Why — and How — to Write Lab Reports
Why write lab reports?
Milena Shahu, Chemistry
Chemistry is an experimental science. The theoretical concepts and principles are usually introduced in the lecture part of the course. The laboratory is important as well because it helps students discover/prove what they learned in the lecture and consolidate their understanding through experimentation. While conducting an experiment in the laboratory, students are expected to understand the scientific process behind the principle they are testing, create a hypothesis, design and complete an experimental study, obtain useful data, and analyze/interpret the data to reach conclusions. It is important for students to communicate their findings with the scientific community (in this case, the professor of the course, teaching assistants and their classmates). This enhances students’ learning and helps faculty evaluate how well students are learning. The best way to convey their findings (or prove if they are legitimate) to the scientific community is by writing a clear and concise scientific lab report. The practice of writing a scientific report is useful and pedagogical if taught as part of the learning process, because it strengthens skills important for chemists, including logical organization, attention to detail, writing, communication, and critical thinking.
The lab report has a similar format to a chemistry journal article. In general, journal articles mirror the scientific method and comprise four major sections: Introduction, Experimental Methods, Results, and Discussion. Journal articles also include a title, abstract, conclusions, references, and acknowledgements. The lab report handout guides students through the process of properly writing of each of the above sections. As a result, students’ scientific writing skills improve throughout a laboratory course. Other faculty in the Chemistry Department use similar handouts to guide students in this writing process.
Since the lab courses count for the Integrated Writing requirement at Georgetown, the goal is to ensure that our chemistry/biochemistry majors master college level writing skills. Students improve gradually over four undergraduate years, as they move to the more advanced level lab courses, where they are required to write a more detailed report, which includes statistical data analysis and error analysis. By the time our majors graduate, they are well prepared and possess the necessary skills to write a chemistry journal article.
Here are the guidelines we give to our students.
LAB REPORT FORMAT
Besides the experimental work, an important part of the laboratory is the written report, which should clearly show what was done and what results were obtained. It should be original, which means that you should not copy the lab manual or other materials. Your lab reports are to be in the format of a manuscript to be submitted to a Journal of American Chemical Society (JACS).
Title page contains the title of the report, the names of the authors, the section, group number, and the date of submission.
Abstract consists of a few paragraphs, usually no longer than a half page. In this part, you should summarize the results of the experimental work and give the main conclusions. Be quantitative. The abstract is generally written after you have evaluated your results.
The Introduction section should give an introduction of the theory, and explain why you are doing this experiment and what is the purpose/problem that the experiment is focused on. What significance does the problem that you are trying to solve have? If you need to present some equations, they should be presented here in separate lines and also be numbered. The symbols used in the equations must be explained clearly when they appear for the first time.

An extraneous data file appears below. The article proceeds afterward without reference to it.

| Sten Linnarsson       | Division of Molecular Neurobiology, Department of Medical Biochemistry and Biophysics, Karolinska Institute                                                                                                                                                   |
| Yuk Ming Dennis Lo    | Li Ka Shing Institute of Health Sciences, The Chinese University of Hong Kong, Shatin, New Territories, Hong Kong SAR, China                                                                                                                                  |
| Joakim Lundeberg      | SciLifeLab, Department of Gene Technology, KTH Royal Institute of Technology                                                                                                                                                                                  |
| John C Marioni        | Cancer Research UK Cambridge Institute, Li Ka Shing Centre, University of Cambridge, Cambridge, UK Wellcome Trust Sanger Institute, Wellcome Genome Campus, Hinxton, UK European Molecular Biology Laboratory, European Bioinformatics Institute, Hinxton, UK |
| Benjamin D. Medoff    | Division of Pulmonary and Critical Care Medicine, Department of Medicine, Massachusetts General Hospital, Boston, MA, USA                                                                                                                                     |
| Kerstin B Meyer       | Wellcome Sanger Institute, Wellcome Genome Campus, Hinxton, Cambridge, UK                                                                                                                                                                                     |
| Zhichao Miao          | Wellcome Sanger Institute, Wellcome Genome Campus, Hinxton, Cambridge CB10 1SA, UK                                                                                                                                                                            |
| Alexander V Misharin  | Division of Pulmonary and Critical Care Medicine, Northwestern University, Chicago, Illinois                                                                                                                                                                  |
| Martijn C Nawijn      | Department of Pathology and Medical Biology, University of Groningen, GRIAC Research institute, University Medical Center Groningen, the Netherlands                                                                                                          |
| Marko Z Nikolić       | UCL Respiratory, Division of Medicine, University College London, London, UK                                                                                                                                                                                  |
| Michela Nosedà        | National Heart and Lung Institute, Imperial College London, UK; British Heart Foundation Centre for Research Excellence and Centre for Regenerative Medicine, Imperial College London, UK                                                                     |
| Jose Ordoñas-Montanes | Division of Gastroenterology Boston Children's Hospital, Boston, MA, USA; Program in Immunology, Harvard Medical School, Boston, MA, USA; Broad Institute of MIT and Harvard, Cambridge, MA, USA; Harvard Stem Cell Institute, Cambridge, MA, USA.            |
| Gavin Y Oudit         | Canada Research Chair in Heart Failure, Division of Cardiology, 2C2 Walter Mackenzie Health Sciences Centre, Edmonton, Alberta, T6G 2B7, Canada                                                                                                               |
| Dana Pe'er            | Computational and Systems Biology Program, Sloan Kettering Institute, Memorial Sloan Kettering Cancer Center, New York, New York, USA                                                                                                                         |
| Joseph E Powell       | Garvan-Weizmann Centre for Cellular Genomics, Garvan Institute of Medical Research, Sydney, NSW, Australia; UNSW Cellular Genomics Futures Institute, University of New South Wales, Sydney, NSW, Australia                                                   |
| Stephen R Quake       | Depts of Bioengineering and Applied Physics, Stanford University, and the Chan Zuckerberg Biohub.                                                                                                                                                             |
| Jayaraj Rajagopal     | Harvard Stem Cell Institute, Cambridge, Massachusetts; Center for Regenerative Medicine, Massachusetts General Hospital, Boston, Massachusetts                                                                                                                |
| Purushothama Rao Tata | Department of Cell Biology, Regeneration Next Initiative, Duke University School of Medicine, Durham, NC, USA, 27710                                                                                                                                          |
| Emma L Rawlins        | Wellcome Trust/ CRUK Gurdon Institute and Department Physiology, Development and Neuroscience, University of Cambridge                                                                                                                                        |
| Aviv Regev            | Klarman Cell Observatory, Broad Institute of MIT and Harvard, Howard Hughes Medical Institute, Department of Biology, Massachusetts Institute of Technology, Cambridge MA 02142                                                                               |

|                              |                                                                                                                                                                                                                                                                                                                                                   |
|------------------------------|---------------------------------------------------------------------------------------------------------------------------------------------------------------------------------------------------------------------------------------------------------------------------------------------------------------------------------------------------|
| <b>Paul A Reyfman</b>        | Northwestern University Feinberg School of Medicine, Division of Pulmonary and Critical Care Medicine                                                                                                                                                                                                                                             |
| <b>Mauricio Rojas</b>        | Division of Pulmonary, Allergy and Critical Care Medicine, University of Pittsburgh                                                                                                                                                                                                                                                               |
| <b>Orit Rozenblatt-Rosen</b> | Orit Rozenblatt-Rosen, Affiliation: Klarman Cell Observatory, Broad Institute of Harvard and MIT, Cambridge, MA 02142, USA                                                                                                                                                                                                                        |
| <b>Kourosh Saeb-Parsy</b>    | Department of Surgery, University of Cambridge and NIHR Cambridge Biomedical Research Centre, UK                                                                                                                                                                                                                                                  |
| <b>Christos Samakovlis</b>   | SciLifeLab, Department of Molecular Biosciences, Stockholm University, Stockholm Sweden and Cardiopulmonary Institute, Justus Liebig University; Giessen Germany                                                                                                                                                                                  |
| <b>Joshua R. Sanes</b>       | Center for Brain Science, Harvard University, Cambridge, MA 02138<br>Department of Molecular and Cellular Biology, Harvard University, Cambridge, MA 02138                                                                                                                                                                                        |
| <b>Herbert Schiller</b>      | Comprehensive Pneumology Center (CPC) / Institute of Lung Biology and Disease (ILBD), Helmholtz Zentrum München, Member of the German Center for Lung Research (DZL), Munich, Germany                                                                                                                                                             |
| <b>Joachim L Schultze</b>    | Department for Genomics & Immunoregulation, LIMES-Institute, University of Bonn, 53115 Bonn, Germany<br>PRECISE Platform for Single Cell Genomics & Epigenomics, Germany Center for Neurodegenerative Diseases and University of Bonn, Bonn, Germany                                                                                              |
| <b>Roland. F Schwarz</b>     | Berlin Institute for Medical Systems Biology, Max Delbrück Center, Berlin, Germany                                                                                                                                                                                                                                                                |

In the Experimental section you should describe the experimental procedure. You should not repeat the information given in the lab manual, but make a reference to it. You should give details of the procedure only if it is not given in your lab manual or if you modified it. A figure of the apparatus should be illustrated only if you assembled it or you were using a special apparatus, compared to the one given in the lab manual.
The Results section should include tables, graphs, and sample calculations. All the results should be presented even if there is any inconsistency with the theory or with what is expected. You should explain why this happens in the “Discussion” section. If you are using any computer program, you should make a reference to it. All the tables should have titles and should be numbered. The column headings should be labeled with the units specified. Graphs should be presented as figures. All the graphs should have numbers and a short legend. Graphs should have labeled axes and clearly show the scales and units of the axes.
In the Discussion section you should present your final results. What do they mean? Your results can be compared with the theory or experimental values from literature. If there is any inconsistency, you should try to explain it. You should give a discussion of probable experimental errors, such as random and systematic errors. You should calculate the experimental errors if you are provided with literature or actual values of the parameters that you are determining. Other topics you can discuss are: comparison of the experimental method used with other methods, suggestion for a better experimental method, discussion of any difficulties that you might have faced or any approximation you used, etc.
Conclusions section is a brief summary of your results. You can talk about your interesting findings.
References must be listed at the end of the report and should have at least two primary sources. You should cite all the sources used.